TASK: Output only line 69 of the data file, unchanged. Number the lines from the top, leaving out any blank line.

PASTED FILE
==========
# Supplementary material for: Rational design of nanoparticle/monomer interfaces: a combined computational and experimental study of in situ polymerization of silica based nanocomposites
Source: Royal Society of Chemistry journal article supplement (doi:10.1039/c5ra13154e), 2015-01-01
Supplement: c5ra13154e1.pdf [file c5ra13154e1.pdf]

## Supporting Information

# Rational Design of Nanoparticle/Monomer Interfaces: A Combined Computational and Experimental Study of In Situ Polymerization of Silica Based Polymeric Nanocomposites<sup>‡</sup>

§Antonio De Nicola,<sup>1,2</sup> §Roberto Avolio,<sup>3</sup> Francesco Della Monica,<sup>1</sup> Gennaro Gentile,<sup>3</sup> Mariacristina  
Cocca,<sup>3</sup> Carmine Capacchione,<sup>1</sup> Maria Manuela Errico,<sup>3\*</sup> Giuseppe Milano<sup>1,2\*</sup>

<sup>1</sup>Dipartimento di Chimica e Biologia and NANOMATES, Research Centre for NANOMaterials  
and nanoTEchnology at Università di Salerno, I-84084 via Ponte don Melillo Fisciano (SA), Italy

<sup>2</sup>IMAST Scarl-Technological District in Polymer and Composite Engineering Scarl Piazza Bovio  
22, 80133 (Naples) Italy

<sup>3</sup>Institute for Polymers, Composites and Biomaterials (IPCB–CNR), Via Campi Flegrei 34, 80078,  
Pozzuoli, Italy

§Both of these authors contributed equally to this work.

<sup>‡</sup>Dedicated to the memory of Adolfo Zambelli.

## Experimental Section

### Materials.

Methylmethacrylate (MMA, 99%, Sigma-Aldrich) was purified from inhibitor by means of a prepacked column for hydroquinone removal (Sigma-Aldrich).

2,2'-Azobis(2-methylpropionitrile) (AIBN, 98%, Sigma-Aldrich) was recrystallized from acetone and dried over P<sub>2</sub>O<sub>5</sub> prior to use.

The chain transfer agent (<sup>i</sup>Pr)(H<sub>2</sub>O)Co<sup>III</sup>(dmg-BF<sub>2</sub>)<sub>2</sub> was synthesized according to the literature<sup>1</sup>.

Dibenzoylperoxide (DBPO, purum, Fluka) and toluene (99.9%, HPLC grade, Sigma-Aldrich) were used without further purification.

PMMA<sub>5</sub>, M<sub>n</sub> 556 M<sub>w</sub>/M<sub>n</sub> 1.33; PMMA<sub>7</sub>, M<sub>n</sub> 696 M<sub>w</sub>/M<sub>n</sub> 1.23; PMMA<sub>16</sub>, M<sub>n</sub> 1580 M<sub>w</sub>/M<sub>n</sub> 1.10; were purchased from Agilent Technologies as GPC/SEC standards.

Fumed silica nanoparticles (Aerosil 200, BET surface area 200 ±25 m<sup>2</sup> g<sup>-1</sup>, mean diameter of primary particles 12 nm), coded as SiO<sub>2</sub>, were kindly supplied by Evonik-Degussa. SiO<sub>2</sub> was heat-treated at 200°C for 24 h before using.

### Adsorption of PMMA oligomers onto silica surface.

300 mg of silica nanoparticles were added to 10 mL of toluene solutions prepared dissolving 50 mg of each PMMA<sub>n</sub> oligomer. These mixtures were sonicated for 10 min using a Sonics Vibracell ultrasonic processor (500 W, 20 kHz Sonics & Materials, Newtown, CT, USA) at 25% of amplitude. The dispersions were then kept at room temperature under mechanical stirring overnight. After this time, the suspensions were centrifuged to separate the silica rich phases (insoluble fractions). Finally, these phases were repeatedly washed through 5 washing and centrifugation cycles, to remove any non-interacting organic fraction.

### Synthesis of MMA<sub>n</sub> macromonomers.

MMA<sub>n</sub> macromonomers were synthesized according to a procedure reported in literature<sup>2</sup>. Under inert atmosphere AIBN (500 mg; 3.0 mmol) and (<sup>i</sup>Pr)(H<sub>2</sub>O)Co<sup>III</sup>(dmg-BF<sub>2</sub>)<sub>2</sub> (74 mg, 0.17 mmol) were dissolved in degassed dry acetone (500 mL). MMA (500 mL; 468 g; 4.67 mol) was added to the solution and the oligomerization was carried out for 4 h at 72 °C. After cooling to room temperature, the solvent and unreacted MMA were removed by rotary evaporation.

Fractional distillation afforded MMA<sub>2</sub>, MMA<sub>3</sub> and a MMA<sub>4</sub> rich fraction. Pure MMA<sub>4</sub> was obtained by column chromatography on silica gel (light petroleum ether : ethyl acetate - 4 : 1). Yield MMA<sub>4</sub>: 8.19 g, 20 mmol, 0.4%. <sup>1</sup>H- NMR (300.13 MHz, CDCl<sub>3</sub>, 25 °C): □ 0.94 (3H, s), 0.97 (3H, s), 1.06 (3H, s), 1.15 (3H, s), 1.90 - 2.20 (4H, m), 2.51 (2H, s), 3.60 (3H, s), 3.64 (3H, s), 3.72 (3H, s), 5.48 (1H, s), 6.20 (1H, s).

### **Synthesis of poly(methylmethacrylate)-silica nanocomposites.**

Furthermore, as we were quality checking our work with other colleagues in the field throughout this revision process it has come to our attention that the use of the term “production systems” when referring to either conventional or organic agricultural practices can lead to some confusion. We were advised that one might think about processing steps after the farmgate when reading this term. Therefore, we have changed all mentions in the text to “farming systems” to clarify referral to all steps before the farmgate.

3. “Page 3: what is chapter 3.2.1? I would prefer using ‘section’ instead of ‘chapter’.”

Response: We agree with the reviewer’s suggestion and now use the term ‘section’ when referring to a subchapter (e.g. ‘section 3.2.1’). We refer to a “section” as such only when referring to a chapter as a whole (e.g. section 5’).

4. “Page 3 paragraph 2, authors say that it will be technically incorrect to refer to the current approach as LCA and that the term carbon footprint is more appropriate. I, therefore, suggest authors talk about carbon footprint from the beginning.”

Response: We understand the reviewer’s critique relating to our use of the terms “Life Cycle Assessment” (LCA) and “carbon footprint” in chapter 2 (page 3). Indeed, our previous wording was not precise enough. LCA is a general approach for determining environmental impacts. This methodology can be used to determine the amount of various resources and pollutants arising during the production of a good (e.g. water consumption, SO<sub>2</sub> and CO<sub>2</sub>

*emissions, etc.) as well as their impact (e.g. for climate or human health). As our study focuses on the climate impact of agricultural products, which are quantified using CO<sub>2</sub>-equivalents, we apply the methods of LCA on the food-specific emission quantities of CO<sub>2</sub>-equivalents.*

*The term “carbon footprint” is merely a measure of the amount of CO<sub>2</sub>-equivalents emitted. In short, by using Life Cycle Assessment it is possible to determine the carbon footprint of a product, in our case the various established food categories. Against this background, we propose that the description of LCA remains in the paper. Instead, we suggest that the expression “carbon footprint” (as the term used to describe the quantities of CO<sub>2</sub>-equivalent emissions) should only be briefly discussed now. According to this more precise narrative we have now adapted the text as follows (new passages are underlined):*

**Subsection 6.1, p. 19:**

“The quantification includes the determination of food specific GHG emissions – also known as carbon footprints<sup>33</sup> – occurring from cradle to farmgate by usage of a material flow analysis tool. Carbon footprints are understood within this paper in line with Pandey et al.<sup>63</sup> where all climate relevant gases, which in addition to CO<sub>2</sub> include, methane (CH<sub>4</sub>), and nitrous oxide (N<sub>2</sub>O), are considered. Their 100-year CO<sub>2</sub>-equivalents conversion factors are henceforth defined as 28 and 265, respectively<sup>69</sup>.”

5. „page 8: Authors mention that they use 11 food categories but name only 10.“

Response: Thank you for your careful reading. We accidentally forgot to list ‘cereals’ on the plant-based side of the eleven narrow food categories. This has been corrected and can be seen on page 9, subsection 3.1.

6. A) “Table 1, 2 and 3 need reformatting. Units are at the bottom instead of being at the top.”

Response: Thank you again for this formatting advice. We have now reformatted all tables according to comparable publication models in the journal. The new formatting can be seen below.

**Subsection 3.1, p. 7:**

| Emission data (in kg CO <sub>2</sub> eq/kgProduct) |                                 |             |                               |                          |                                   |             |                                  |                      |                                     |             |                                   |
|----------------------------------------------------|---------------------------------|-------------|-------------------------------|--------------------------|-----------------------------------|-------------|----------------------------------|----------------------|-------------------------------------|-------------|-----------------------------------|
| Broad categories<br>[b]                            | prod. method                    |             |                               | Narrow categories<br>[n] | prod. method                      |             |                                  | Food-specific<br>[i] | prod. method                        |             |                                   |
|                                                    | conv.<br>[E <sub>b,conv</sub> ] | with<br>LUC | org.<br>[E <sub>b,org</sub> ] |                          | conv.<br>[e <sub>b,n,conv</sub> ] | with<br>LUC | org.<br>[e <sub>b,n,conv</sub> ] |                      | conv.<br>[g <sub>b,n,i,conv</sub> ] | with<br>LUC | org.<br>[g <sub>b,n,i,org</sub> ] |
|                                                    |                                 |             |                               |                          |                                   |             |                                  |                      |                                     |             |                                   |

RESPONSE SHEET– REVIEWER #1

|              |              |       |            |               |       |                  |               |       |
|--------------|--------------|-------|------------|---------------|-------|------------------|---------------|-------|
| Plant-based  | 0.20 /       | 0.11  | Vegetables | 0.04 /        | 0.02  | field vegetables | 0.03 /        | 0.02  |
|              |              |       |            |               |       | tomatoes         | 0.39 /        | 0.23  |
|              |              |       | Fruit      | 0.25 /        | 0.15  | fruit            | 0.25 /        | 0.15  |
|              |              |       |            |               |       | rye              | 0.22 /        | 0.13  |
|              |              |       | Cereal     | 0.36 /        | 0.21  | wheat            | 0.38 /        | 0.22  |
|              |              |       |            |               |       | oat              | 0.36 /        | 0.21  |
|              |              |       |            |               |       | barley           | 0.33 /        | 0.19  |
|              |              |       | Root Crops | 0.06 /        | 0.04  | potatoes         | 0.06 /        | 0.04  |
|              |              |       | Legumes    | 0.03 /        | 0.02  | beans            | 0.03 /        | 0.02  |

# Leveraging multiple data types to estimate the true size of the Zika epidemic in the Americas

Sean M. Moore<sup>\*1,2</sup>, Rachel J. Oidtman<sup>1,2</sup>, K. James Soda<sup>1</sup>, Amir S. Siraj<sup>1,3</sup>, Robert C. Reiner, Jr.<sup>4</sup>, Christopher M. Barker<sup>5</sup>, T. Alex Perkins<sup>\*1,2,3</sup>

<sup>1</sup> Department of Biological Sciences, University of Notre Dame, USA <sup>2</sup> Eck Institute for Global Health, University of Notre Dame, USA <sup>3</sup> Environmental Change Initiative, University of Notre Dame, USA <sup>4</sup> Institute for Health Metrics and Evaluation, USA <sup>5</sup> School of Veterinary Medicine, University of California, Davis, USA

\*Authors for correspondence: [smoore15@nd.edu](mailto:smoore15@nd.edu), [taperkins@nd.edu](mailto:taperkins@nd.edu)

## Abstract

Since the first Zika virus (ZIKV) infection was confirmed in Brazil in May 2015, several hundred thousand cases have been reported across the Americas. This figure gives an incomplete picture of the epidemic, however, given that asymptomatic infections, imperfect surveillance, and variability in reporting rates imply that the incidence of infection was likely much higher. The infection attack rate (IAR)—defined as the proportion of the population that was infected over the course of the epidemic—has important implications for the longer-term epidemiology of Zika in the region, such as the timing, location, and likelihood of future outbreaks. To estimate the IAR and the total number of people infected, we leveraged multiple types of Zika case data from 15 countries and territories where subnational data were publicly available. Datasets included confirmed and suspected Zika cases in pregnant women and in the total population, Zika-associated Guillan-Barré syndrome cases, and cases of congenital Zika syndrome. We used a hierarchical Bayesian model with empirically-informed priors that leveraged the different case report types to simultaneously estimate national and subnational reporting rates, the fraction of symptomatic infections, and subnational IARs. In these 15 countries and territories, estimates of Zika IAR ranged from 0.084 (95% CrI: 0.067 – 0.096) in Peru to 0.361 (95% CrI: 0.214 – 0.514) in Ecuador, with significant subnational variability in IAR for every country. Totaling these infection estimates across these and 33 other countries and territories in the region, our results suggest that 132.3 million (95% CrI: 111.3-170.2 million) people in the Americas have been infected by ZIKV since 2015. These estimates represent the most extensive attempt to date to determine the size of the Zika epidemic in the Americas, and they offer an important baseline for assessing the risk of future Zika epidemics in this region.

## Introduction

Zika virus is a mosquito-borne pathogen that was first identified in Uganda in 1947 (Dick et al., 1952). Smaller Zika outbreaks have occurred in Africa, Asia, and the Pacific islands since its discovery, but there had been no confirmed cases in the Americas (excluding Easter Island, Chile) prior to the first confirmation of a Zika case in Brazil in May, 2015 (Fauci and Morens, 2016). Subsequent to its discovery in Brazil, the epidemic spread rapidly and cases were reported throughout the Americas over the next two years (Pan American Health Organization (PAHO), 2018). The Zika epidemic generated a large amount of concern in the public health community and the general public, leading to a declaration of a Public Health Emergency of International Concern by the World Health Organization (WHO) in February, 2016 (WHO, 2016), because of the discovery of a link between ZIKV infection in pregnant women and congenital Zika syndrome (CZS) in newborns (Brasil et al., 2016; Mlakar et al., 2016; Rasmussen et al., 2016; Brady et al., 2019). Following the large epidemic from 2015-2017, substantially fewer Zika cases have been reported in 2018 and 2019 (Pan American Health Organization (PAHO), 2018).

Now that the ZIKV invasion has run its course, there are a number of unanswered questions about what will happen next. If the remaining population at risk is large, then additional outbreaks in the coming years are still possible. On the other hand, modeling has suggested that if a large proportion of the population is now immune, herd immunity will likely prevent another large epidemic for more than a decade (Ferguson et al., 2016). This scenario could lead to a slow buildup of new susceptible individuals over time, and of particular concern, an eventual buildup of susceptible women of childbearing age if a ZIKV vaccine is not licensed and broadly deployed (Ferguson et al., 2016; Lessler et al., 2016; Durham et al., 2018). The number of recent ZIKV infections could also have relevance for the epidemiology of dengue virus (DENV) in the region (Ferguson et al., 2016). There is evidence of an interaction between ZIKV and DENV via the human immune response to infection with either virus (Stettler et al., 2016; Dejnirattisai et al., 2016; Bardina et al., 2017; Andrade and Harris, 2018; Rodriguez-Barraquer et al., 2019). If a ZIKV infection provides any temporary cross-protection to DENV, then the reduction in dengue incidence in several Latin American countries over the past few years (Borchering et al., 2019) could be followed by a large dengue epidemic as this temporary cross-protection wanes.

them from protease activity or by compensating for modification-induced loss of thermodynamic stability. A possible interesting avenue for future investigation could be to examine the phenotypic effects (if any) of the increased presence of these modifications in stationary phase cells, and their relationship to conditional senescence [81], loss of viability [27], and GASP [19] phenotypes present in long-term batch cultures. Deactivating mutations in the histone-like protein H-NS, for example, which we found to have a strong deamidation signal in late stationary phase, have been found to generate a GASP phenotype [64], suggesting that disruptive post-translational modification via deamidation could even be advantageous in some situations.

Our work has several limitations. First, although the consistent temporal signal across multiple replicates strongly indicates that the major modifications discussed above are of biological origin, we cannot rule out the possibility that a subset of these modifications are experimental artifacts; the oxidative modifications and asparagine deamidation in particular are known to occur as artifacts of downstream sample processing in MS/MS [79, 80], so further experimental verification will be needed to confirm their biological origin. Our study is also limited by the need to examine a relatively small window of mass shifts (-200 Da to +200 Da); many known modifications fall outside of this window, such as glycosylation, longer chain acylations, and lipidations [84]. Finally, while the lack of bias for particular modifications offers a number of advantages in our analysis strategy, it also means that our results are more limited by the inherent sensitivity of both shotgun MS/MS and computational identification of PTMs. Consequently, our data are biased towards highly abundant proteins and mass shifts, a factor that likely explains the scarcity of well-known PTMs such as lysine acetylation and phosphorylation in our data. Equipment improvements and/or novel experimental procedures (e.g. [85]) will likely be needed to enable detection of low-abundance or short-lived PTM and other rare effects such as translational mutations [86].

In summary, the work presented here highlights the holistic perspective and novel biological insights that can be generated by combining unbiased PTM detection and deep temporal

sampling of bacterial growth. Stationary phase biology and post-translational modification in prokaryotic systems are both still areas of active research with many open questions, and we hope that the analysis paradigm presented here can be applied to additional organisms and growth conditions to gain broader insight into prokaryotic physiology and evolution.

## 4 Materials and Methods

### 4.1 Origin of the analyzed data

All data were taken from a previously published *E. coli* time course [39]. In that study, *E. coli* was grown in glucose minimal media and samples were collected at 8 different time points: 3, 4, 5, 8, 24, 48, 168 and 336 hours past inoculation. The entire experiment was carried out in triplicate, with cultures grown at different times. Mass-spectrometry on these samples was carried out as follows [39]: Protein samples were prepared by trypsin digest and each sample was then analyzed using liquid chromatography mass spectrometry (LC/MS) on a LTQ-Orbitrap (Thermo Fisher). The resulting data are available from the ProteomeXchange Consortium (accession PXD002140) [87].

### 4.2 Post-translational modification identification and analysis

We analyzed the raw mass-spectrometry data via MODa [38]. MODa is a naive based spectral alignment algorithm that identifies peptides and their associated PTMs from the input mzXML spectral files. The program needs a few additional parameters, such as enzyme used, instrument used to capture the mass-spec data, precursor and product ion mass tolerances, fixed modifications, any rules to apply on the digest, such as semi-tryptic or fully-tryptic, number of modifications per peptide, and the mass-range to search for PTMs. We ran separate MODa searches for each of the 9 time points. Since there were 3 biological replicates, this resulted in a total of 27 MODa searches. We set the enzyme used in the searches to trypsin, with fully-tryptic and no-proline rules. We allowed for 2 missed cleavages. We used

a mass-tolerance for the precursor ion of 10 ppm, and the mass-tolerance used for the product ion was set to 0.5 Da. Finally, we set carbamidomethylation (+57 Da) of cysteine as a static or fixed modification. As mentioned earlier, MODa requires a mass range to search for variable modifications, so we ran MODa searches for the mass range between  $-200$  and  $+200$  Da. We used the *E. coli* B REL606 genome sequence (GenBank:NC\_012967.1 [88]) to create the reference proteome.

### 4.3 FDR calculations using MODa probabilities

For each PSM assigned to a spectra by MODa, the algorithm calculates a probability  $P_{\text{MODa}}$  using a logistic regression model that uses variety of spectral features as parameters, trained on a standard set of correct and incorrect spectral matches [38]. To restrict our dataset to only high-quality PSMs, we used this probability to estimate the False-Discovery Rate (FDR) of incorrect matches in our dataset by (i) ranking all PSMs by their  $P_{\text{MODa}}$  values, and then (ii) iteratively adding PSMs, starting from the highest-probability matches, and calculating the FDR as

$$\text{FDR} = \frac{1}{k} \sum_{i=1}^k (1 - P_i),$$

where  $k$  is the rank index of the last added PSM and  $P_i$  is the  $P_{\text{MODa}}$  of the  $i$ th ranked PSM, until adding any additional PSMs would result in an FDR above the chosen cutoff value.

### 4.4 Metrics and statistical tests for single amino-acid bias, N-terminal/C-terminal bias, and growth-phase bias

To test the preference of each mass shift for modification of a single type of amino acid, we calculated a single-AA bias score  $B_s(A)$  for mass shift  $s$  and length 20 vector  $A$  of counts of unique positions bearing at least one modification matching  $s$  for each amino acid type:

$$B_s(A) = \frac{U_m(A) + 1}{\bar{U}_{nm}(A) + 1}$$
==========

Now that the ZIKV invasion has run its course, there are a number of unanswered questions about what will happen next. If the remaining population at risk is large, then additional outbreaks in the coming years are still possible. On the other hand, modeling has suggested that if a large proportion of the population is now immune, herd immunity will likely prevent another large epidemic for more than a decade (Ferguson et al., 2016). This scenario could lead to a slow buildup of new susceptible individuals over time, and of particular concern, an eventual buildup of susceptible women of childbearing age if a ZIKV vaccine is not licensed and broadly deployed (Ferguson et al., 2016; Lessler et al., 2016; Durham et al., 2018). The number of recent ZIKV infections could also have relevance for the epidemiology of dengue virus (DENV) in the region (Ferguson et al., 2016). There is evidence of an interaction between ZIKV and DENV via the human immune response to infection with either virus (Stettler et al., 2016; Dejnirattisai et al., 2016; Bardina et al., 2017; Andrade and Harris, 2018; Rodriguez-Barraquer et al., 2019). If a ZIKV infection provides any temporary cross-protection to DENV, then the reduction in dengue incidence in several Latin American countries over the past few years (Borchering et al., 2019) could be followed by a large dengue epidemic as this temporary cross-protection wanes.